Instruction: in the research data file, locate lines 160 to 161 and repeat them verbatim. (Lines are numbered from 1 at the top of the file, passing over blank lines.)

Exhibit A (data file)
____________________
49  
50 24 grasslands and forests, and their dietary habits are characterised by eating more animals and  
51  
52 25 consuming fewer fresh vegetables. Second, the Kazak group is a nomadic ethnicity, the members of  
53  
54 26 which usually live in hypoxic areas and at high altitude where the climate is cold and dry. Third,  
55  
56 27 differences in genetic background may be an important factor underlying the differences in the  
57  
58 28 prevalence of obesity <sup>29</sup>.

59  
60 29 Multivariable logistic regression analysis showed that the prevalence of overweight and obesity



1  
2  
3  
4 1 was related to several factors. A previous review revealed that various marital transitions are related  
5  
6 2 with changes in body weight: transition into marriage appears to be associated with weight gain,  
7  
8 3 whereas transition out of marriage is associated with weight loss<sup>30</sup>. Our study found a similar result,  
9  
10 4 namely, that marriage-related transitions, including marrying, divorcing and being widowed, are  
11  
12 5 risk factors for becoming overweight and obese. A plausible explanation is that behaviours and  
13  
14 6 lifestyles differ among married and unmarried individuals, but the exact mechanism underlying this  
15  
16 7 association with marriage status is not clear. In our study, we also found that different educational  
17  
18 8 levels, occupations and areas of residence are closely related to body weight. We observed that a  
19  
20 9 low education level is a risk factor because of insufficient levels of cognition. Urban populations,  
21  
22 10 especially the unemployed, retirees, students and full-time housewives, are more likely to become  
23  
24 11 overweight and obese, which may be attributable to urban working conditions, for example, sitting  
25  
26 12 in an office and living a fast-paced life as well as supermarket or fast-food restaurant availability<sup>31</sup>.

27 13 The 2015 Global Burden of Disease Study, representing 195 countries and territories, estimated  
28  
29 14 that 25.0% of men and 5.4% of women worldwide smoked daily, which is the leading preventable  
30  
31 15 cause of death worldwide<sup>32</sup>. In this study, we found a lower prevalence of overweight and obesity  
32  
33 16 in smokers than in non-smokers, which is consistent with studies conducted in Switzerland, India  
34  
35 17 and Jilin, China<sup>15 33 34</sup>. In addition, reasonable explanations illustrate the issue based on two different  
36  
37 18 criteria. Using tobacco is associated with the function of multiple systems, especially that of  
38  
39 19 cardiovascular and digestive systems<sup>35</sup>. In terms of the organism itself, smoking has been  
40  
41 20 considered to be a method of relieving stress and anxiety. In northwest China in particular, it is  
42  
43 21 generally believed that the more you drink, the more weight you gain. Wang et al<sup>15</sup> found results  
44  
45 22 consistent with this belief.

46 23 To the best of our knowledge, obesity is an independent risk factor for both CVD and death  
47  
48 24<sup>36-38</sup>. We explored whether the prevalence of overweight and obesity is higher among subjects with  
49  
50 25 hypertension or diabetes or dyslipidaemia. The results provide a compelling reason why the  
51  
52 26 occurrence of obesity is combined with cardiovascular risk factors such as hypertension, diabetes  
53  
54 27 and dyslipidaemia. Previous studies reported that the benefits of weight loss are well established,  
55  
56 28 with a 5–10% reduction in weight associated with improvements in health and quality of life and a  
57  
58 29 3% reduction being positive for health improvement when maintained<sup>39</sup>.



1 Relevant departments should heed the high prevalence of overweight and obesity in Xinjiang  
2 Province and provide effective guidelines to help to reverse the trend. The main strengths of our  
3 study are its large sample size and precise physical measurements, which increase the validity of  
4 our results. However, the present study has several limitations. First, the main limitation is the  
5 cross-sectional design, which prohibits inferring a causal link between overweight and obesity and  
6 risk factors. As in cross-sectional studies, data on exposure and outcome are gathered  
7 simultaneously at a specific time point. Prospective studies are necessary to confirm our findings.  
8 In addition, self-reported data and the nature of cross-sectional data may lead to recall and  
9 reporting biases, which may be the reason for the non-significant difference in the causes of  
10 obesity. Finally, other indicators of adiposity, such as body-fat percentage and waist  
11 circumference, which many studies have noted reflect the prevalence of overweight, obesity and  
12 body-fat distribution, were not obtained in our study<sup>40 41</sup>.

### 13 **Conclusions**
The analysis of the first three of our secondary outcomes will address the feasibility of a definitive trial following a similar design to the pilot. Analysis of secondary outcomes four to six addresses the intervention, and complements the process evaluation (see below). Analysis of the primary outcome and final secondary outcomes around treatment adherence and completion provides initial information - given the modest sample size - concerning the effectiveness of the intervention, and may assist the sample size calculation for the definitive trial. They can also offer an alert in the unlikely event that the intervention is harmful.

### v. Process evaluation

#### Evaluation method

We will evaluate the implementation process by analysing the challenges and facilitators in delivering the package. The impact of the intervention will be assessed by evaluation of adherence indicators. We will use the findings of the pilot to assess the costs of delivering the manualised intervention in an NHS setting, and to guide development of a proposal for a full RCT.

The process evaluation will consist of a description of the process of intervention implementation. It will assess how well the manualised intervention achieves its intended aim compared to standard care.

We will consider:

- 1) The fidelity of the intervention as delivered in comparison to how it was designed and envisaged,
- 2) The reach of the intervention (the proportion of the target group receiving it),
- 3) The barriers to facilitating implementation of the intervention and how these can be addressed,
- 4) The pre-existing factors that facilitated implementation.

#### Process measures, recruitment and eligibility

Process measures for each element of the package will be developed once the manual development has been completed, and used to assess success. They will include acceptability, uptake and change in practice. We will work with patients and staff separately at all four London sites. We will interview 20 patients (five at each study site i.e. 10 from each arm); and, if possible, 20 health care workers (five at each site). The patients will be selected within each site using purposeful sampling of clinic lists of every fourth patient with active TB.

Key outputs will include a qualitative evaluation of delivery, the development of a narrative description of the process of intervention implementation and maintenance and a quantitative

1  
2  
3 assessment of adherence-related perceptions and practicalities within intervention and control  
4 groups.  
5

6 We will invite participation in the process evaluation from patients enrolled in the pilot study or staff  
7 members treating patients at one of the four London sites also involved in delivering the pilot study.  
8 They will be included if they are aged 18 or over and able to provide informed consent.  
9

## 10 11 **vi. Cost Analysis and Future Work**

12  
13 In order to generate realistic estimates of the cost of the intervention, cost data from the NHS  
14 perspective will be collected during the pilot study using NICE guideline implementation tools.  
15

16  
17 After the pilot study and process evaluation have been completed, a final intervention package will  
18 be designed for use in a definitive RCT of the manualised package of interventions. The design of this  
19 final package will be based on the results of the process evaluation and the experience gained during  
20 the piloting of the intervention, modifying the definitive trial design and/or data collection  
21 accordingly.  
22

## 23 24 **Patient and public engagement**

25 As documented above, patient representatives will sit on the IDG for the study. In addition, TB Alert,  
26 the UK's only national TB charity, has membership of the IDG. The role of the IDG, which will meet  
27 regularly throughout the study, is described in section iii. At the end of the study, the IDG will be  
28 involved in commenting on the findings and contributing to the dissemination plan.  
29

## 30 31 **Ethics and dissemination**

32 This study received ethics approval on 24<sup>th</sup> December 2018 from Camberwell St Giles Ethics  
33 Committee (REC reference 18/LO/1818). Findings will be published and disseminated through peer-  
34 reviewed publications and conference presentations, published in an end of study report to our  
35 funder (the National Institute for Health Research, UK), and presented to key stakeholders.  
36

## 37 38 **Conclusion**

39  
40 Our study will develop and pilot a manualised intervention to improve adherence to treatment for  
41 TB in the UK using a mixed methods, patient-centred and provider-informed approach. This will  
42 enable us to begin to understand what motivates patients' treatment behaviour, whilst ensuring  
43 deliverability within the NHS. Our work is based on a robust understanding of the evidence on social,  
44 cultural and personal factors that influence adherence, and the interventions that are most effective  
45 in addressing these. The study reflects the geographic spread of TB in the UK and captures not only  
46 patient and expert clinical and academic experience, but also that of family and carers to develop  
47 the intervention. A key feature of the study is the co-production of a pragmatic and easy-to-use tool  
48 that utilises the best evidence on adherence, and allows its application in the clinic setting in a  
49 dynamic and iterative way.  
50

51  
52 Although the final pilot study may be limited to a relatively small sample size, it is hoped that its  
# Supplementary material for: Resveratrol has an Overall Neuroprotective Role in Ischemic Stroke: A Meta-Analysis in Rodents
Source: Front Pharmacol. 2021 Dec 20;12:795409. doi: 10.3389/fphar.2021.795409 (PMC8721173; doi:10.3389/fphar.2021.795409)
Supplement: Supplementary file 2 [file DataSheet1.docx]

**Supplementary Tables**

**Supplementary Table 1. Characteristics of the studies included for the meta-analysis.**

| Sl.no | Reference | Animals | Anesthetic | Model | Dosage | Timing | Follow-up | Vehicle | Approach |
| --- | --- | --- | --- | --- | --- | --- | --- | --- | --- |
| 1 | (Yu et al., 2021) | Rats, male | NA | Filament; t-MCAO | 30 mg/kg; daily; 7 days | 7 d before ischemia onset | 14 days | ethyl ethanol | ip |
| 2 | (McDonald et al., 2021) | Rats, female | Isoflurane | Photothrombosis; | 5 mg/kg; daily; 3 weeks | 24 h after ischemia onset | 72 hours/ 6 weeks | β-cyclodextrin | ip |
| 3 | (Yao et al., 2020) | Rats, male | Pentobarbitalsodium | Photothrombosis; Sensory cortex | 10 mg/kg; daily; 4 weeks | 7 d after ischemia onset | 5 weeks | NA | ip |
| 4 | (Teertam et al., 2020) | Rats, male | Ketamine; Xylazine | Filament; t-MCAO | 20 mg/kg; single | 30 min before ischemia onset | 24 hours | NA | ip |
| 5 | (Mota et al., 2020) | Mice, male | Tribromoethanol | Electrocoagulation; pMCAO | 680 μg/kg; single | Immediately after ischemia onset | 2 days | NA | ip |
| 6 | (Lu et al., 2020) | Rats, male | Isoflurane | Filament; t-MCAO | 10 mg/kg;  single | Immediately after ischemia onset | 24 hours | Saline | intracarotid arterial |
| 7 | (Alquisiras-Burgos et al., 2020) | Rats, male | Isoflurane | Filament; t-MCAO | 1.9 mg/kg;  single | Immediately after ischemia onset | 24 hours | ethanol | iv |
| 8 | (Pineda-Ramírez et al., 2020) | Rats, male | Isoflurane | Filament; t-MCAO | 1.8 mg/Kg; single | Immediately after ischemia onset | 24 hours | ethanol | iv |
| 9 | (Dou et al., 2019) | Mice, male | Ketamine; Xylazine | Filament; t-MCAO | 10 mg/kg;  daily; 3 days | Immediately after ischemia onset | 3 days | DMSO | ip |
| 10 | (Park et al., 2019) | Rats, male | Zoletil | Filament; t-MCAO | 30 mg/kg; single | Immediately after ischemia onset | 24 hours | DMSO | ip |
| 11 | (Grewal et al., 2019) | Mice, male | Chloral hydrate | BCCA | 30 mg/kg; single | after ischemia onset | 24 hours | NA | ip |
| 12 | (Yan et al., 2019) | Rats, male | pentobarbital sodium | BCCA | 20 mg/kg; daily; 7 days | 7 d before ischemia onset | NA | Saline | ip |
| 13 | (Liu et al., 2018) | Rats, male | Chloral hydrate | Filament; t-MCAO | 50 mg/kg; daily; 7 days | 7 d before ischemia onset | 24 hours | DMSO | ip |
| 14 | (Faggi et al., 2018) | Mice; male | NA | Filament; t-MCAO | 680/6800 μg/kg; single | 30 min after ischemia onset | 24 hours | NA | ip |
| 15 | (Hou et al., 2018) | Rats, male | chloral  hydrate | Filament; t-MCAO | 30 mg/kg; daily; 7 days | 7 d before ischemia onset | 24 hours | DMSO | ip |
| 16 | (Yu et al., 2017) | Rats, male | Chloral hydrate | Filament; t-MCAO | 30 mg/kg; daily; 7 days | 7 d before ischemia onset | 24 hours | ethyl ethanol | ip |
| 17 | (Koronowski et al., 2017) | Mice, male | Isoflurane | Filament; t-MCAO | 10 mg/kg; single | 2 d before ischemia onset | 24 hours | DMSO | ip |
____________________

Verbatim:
| 9 | (Dou et al., 2019) | Mice, male | Ketamine; Xylazine | Filament; t-MCAO | 10 mg/kg;  daily; 3 days | Immediately after ischemia onset | 3 days | DMSO | ip |
| 10 | (Park et al., 2019) | Rats, male | Zoletil | Filament; t-MCAO | 30 mg/kg; single | Immediately after ischemia onset | 24 hours | DMSO | ip |